Think New York City is hip hop’s only home? Meet the b-boy pioneers determined to put India on the map.

Think New York City is hip hop’s only home? In cities across India, from Delhi to Mumbai, a new generation of b-boy pioneers are taking over abandoned spaces and transforming them into energetic block parties that transcend both caste and class.

A world away from the streets of New York, in abandoned spaces in Delhi and Mumbai, groups of b-boys are practising their moves. Over the last few years, dozens of crews have sprung up across India, rocking names like Slumgods, Roc Fresh Crew and Agnastik Crew. And it’s all thanks to a b-boy from the States called He Ra.

Netrapal Singh, aka He Ra, grew up immersed in New York hip hop. In October 2001, he and his mother were deported after their case for political asylum was rejected. In India, He Ra continued to dance in his spare time. Then one day, in 2007, he was invited to visit an after-school centre in the Dharavi slum and decided to start an impromptu throwdown. The kids joined in and b-boying project Tiny Drops was born.

With projects in Mumbai, Delhi and Dharavi, He Ra is constantly amazed by the talented kids who come to Tiny Drops to hang out and learn new moves – kids like local orphan, Rishi. “He’s a really quiet kid with a lot of soul,” explains He Ra. “He’s doing footwork and I’m like, ‘Where did you get that?’ and he’s like, ‘Oh, I just made it up.’”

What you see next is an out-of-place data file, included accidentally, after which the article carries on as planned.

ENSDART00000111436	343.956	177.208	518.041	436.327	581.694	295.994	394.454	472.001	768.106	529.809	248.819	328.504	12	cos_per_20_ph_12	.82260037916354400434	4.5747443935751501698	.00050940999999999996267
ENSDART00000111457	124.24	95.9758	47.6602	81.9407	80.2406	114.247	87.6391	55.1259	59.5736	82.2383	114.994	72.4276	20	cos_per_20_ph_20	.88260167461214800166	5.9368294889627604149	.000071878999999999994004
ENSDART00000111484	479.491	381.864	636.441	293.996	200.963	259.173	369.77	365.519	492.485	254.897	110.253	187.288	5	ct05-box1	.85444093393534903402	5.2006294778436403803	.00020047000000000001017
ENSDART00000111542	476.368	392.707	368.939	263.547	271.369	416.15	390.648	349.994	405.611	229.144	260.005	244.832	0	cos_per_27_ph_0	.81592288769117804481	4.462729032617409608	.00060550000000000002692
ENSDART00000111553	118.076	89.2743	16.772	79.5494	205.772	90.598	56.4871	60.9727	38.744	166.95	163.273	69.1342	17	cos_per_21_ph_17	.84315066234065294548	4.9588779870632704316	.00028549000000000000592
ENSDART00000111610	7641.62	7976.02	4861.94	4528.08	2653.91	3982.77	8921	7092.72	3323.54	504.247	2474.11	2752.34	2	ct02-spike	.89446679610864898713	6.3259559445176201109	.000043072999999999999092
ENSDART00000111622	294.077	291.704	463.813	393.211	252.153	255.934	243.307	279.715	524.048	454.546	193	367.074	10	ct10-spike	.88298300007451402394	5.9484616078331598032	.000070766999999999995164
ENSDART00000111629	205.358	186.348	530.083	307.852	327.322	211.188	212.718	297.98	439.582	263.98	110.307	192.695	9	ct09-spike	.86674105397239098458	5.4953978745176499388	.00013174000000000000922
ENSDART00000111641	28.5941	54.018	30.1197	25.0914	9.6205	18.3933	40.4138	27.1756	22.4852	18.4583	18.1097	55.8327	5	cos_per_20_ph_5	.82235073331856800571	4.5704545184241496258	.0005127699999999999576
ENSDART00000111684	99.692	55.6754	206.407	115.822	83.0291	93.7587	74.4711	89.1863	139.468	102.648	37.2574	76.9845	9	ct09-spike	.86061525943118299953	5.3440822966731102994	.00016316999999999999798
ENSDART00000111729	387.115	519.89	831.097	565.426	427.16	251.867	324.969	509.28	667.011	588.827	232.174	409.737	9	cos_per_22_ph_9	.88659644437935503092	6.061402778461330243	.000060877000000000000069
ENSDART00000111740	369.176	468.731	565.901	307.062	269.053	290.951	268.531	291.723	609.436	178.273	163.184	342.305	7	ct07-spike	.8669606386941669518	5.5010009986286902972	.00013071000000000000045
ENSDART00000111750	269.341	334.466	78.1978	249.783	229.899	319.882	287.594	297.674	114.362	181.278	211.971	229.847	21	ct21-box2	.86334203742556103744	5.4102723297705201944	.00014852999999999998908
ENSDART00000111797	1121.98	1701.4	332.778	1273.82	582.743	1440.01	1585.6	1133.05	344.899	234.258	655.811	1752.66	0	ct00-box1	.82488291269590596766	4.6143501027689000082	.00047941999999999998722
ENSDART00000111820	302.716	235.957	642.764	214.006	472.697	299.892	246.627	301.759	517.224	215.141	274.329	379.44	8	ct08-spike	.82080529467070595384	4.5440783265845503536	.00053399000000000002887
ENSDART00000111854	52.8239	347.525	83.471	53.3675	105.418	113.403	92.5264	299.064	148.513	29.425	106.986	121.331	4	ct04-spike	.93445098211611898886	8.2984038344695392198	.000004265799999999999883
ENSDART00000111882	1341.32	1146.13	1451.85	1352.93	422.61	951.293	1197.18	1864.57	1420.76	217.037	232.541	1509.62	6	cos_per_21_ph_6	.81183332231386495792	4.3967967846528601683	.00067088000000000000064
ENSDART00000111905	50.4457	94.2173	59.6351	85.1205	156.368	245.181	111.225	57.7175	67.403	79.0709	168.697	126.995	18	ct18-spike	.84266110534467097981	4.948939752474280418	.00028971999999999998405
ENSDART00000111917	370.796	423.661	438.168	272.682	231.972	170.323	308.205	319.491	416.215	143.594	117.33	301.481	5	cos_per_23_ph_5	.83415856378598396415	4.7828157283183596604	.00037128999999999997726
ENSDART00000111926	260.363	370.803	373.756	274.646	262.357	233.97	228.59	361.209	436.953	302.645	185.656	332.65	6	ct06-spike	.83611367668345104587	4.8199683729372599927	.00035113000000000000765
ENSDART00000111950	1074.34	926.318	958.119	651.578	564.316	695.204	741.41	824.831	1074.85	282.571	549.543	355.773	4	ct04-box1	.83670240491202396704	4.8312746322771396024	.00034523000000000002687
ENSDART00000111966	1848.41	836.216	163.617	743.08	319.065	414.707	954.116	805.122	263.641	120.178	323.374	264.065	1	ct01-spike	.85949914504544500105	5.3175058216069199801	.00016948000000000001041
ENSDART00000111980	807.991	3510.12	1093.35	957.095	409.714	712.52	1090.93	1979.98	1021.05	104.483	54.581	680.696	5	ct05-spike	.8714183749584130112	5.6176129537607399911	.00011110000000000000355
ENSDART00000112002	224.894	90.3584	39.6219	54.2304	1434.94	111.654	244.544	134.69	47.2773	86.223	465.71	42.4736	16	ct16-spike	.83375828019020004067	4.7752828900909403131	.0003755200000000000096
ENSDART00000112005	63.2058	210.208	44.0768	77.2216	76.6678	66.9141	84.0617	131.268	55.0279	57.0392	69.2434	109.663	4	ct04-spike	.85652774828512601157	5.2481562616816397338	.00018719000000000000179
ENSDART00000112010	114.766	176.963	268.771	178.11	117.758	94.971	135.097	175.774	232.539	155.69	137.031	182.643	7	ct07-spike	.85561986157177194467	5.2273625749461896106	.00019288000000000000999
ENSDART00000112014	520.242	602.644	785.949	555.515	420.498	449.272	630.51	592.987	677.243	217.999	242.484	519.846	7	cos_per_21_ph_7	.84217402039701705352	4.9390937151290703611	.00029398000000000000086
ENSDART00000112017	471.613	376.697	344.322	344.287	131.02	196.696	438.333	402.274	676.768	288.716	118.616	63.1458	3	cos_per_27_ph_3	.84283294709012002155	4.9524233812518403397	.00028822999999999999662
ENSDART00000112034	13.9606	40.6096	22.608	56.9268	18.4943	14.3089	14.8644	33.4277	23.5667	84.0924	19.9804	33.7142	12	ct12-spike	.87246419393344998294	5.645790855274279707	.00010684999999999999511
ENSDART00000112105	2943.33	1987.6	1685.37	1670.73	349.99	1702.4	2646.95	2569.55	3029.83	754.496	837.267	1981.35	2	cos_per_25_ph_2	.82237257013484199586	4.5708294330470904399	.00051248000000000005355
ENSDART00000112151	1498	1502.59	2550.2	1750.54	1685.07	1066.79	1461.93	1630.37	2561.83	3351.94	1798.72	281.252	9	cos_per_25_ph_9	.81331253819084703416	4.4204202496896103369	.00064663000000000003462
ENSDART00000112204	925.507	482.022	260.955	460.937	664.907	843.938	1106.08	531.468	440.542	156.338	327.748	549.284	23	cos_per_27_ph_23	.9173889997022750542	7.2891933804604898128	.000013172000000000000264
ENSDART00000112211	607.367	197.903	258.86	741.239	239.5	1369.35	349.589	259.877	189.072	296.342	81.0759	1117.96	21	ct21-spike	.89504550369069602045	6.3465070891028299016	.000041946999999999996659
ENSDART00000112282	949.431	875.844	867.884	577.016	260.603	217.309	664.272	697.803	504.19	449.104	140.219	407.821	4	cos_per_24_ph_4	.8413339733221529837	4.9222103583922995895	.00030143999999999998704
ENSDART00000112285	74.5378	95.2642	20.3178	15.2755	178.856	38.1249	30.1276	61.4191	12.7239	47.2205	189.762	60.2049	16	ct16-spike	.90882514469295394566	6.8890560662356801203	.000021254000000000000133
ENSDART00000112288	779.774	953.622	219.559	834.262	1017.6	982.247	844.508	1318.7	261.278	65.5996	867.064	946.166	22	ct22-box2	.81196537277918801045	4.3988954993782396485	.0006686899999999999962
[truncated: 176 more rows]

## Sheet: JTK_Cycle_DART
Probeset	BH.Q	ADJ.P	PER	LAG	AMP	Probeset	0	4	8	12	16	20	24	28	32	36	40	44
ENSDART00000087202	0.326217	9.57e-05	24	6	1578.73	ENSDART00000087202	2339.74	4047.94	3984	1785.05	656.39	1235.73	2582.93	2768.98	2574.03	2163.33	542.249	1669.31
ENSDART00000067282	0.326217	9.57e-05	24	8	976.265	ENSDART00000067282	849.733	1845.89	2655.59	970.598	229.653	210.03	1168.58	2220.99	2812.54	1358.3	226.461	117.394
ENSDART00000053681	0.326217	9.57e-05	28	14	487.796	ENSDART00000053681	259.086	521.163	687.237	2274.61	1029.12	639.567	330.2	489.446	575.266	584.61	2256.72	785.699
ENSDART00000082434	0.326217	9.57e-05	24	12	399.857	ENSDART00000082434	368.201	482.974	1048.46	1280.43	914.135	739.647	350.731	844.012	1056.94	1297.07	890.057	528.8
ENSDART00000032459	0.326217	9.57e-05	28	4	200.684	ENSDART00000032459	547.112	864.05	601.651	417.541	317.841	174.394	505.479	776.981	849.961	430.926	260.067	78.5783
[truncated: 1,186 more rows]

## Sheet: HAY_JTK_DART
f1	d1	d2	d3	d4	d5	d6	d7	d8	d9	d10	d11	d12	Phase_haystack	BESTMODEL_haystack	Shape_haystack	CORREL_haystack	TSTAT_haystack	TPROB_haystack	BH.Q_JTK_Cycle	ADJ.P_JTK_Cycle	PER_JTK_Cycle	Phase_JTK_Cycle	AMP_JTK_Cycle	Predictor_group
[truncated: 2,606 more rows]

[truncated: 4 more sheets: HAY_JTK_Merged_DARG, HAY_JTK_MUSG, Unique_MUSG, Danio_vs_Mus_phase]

For He Ra, the beauty of b-boying is that you don’t need money to join in; the kids dance anywhere, accompanied by hip hop tracks buzzing out of cheap mobile phones. “You can feel really lost here,” explains He Ra. “You’re just, like, one in 1.3 billion and you’re poor. It can feel a bit like, ‘Who are you? Who am I?’”

India is a country divided along hierarchical lines, but He Ra says b-boying gives the kids a way to connect: “It’s starting to break class and caste walls, because you’re connecting, like, ‘Yo, you rock a headspin, I rock a headspin!’ which is amazing. It’s just straight human-to-human communication that didn’t exist before. There used to be massive walls, but these kids are just obliterating them.”

Of course, there are those who see hip hop’s global spread as a form of ‘cultural imperialism’, but He Ra is quick to point out that similar Indian dance forms date back to the eighties. “I’m Punjabi and we also have a form of freestyling dance where we get down on the floor,” explains He Ra, who says he’s keen to help the kids embrace their own heritage.

And with plans to expand their programs to include filmmaking, music production and a multi-lingual hip hop magazine, Tiny Drops is determined to create a culture of its own. “Yesterday we were beat- making with a friend of mine who’s a deejay from LA and he was blown away,” says He Ra. “He was like, ‘Yo, how did they pick it up so fast?’ And I’m like, ‘Because, here, you have nothing else.’ If I was in New York I could do a million things, but here you’re like, ‘Give me anything and I’ll rock it.’”

This story originally appeared in Huck 31 – The No Heroes Issue.

For an update on this story, check out tinydrops.org.

Enjoyed this article? Like Huck on Facebook or follow us on Twitter.